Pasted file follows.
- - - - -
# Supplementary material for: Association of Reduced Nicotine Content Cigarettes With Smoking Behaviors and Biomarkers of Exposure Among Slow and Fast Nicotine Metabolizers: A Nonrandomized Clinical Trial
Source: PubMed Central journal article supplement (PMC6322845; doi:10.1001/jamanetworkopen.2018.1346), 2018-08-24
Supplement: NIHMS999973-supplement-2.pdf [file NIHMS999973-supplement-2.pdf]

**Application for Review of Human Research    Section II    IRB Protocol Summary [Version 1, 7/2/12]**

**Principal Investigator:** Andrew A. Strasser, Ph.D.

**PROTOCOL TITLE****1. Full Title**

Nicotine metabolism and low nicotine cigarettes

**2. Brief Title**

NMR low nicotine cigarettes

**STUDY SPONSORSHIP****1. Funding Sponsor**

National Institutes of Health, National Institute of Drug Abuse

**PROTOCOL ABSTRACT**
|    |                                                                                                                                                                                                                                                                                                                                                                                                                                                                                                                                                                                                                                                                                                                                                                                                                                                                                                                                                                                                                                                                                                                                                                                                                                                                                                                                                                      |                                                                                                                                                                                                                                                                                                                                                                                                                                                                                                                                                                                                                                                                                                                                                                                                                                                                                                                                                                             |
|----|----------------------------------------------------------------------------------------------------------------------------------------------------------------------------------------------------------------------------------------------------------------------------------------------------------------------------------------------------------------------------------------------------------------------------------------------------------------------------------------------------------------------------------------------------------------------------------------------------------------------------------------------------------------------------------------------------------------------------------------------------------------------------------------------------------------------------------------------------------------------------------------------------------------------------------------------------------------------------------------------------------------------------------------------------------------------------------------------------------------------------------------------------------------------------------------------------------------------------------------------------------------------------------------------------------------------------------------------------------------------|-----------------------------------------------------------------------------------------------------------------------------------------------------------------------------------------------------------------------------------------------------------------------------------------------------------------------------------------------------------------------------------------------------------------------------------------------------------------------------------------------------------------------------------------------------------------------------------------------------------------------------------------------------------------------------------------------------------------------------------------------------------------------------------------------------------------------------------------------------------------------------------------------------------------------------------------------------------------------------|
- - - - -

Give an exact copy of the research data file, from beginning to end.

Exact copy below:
# Supplementary material for: Association of Reduced Nicotine Content Cigarettes With Smoking Behaviors and Biomarkers of Exposure Among Slow and Fast Nicotine Metabolizers: A Nonrandomized Clinical Trial
Source: PubMed Central journal article supplement (PMC6322845; doi:10.1001/jamanetworkopen.2018.1346), 2018-08-24
Supplement: NIHMS999973-supplement-2.pdf [file NIHMS999973-supplement-2.pdf]

**Application for Review of Human Research    Section II    IRB Protocol Summary [Version 1, 7/2/12]**

**Principal Investigator:** Andrew A. Strasser, Ph.D.

**PROTOCOL TITLE****1. Full Title**

Nicotine metabolism and low nicotine cigarettes

**2. Brief Title**

NMR low nicotine cigarettes

**STUDY SPONSORSHIP****1. Funding Sponsor**

National Institutes of Health, National Institute of Drug Abuse

**PROTOCOL ABSTRACT**
|    |                                                                                                                                                                                                                                                                                                                                                                                                                                                                                                                                                                                                                                                                                                                                                                                                                                                                                                                                                                                                                                                                                                                                                                                                                                                                                                                                                                      |                                                                                                                                                                                                                                                                                                                                                                                                                                                                                                                                                                                                                                                                                                                                                                                                                                                                                                                                                                             |
|----|----------------------------------------------------------------------------------------------------------------------------------------------------------------------------------------------------------------------------------------------------------------------------------------------------------------------------------------------------------------------------------------------------------------------------------------------------------------------------------------------------------------------------------------------------------------------------------------------------------------------------------------------------------------------------------------------------------------------------------------------------------------------------------------------------------------------------------------------------------------------------------------------------------------------------------------------------------------------------------------------------------------------------------------------------------------------------------------------------------------------------------------------------------------------------------------------------------------------------------------------------------------------------------------------------------------------------------------------------------------------|-----------------------------------------------------------------------------------------------------------------------------------------------------------------------------------------------------------------------------------------------------------------------------------------------------------------------------------------------------------------------------------------------------------------------------------------------------------------------------------------------------------------------------------------------------------------------------------------------------------------------------------------------------------------------------------------------------------------------------------------------------------------------------------------------------------------------------------------------------------------------------------------------------------------------------------------------------------------------------|